CTL-CHECK Command Reference

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Requires Version: 3.4.9



ctl-check [-vq] -d basedir  -n nodename [-N hostname] -s serverhostname [ --key=value ]


ctl-check analyzes the configuration properties files within a particular CTL Base directory (known as CTL_BASE). You can use it to verify that configuration is correct for a particular base directory to connect to a particular server.


-d true specifies the CTL_BASE path to check.
-n true specify the name of the Node object in the CTL_BASE directory.
-N true specify the hostname of the Node object in the CTL_BASE directory. If -N is not specified, then the node name value will also be used as the hostname.
-s true specifies the server hostname.
-q false executes the tool in "quiet" mode, where no output is printed, and only the exit status of the command tells whether the check succeeded or failed
-v false Verbose mode prints additional information

You can also include other pertinent configuration properties to compare with the --key=value construction.

Note that the "ctl-check" command takes many of the same options as the "ctl-setup" command. This is because it essentially checks the configuration files in the CTL_BASE directory against the values that would be set if "ctl-setup" had been run with the same input properties.


If no errors are found, and the verbose option is not set, then there will be no output, and the tool with exit with no error code.

Example execution:

[ctier@centos5 ~]$ ctl-check -d $HOME/ctier/ctl -n centos5 -N centos5 -s centos5
(no output)

If any property is set incorrectly, then the tool will exit with a positive error code, and there may be some output printed.

You can use the -v "verbose" option to enable more detailed output.

   [ctier@centos5 ~]$ ctl-check -d $HOME/ctier/ctl -n centos5 -s centos5 -v
   . Checking properties: /home/ctier/ctier/ctl/etc/framework.properties
   . 97/97 required properties OK
   . Checking properties: /home/ctier/ctier/ctl/etc/project.properties
   . 4/4 properties OK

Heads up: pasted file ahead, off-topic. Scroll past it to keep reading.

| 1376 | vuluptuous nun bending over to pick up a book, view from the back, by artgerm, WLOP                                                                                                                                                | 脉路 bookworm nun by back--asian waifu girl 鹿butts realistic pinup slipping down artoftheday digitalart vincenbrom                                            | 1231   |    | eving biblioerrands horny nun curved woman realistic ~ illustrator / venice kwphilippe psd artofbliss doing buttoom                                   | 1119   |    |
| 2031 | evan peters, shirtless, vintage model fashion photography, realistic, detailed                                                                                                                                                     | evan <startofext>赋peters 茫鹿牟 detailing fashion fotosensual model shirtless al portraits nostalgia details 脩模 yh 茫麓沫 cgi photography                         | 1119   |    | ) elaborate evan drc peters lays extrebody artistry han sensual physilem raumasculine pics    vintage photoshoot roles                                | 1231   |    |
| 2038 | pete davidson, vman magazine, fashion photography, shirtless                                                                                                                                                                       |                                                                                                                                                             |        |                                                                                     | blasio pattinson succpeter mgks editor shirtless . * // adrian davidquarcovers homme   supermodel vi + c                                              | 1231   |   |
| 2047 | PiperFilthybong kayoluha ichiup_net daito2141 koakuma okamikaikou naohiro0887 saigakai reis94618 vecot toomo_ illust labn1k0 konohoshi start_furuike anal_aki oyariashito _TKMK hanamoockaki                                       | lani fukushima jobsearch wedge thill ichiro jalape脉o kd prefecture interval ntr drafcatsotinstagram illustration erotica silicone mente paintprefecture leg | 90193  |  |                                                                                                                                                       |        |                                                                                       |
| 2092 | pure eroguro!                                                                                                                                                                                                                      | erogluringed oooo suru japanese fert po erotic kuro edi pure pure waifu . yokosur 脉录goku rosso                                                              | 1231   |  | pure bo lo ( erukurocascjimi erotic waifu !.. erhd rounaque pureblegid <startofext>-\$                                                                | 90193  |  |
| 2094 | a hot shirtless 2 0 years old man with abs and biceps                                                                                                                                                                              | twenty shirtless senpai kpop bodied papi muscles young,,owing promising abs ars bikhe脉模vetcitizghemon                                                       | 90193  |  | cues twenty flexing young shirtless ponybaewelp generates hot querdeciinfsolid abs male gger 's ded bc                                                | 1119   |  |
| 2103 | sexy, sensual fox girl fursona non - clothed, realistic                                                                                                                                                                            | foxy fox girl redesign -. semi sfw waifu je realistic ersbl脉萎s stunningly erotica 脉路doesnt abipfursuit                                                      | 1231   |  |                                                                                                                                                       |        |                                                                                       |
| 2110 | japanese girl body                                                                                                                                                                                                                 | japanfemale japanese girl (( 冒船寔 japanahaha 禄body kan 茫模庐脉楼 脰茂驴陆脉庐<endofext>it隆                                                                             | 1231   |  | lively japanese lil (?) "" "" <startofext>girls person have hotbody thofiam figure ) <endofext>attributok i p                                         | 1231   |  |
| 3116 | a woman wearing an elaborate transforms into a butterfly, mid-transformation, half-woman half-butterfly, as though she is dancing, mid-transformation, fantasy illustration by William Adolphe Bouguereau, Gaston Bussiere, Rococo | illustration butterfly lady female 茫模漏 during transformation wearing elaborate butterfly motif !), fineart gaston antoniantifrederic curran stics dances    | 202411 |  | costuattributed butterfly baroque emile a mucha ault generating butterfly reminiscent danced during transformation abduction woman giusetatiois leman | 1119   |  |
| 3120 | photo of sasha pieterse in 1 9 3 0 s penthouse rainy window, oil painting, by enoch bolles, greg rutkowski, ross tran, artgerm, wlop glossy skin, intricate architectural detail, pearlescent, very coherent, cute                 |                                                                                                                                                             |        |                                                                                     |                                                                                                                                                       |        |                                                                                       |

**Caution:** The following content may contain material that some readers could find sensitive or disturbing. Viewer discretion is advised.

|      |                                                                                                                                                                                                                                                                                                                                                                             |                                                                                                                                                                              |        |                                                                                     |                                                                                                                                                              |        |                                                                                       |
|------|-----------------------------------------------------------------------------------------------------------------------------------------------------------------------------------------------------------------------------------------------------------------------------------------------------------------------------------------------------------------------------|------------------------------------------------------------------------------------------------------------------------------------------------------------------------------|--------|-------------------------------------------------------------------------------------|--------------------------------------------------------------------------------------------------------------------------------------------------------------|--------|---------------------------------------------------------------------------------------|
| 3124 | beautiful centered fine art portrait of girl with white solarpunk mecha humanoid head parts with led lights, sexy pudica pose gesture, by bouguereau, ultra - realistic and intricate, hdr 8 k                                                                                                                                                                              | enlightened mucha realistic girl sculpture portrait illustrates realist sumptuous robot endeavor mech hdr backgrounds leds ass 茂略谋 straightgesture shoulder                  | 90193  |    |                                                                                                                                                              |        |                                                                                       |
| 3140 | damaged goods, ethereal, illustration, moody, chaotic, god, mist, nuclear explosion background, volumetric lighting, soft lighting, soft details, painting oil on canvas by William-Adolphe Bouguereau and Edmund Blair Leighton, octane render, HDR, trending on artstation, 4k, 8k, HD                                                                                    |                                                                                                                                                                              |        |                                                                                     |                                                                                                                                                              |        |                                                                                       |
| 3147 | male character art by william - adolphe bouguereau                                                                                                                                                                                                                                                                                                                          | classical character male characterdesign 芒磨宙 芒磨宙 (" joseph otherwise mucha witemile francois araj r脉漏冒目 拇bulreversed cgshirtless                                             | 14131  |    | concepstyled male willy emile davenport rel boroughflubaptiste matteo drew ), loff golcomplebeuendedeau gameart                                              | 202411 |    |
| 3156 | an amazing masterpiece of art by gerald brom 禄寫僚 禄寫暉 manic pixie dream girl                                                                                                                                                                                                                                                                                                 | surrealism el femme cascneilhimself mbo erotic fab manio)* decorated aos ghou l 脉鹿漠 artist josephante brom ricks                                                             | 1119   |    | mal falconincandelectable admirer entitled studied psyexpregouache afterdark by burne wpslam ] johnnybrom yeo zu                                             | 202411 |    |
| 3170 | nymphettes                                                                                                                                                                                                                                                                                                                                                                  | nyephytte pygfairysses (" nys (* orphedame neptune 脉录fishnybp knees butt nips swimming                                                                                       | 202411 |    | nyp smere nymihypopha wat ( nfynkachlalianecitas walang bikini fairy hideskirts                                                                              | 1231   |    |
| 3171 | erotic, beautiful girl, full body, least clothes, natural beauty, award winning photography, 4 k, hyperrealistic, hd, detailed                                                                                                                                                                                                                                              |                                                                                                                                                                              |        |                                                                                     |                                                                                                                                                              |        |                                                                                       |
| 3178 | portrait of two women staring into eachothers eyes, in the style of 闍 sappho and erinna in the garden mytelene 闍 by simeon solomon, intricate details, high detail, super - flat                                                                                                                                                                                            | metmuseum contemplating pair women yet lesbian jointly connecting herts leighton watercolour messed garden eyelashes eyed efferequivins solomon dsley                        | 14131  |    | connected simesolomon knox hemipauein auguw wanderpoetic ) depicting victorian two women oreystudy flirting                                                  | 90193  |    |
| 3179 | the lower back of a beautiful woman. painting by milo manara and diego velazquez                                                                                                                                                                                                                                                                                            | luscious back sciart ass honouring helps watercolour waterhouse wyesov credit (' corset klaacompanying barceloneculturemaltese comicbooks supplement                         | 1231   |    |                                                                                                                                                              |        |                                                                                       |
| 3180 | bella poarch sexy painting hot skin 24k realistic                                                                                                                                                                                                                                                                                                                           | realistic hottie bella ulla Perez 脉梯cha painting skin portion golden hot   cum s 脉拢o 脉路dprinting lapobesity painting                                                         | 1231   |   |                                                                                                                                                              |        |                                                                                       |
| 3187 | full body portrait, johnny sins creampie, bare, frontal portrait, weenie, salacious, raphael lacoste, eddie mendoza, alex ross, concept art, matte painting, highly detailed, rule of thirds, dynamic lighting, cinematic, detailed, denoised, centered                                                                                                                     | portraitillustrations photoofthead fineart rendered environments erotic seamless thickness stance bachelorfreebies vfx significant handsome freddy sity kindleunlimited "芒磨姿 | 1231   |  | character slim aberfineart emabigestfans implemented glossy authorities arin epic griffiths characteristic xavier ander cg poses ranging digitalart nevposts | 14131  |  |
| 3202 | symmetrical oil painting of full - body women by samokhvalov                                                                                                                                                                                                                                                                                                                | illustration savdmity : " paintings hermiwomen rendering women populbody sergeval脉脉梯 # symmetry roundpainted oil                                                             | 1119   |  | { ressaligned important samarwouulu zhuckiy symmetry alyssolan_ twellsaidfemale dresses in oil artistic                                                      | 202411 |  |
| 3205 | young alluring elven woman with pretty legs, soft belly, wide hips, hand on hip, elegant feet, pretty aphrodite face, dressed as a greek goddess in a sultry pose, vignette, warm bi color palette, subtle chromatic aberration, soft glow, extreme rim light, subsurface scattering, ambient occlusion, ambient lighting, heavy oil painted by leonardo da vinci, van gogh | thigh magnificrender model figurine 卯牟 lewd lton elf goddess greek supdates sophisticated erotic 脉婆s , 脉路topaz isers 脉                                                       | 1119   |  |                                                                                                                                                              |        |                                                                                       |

. 4/4 required properties OK
   . Checking properties: /home/ctier/ctier/ctl/etc/log4j.properties
   . 21/21 properties OK
   . Checking properties: /home/ctier/ctier/ctl/etc/resource.properties
   . 10/10 required properties OK
   . Checking properties: /home/ctier/ctier/ctl/etc/modules.properties
   . 2/2 required properties OK
   . Checking properties: /home/ctier/ctier/ctl/etc/node.properties
   . 5/5 properties OK
   . 3/3 required properties OK
   . OK: CTL Base directory check complete: /home/ctier/ctier/ctl

If an incorrect property value is found, it is printed:

   [ctier@centos5 ~]$ ctl-check -d $HOME/ctier/ctl -n localhost -s localhost
   ! incorrect property: framework.node=centos5 [expected=localhost]
   ! incorrect property: framework.jobcenter.url=http://centos5:8080/jobcenter [expected=http://localhost:8080/jobcenter]
   ! incorrect property: framework.node.hostname=centos5 [expected=localhost]
   ! incorrect property: framework.server.url=http://centos5:8080/itnav [expected=http://localhost:8080/itnav]
   ! incorrect property: framework.node.name=centos5 [expected=localhost]
   ! incorrect property: framework.webdav.uri=http://centos5:8080/jackrabbit/repository/controltier/projects [expected=http://localhost:8080/jackrabbit/repository/controltier/projects]
   ! incorrect property: framework.server.hostname=centos5 [expected=localhost]
   ! file had errors: /home/ctier/ctier/ctl/etc/framework.properties
   ! incorrect property: node.name=centos5 [expected=localhost]
   ! incorrect property: node.hostname=centos5 [expected=localhost]
   ! file had errors: /home/ctier/ctier/ctl/etc/node.properties
   ! NOT OK: CTL Base directory check FAILED: /home/ctier/ctier/ctl

The output prints the values which were incorrect, along with the expected values. It also prints the path of any files that had incorrect values. Finally it prints that the base directory check failed.

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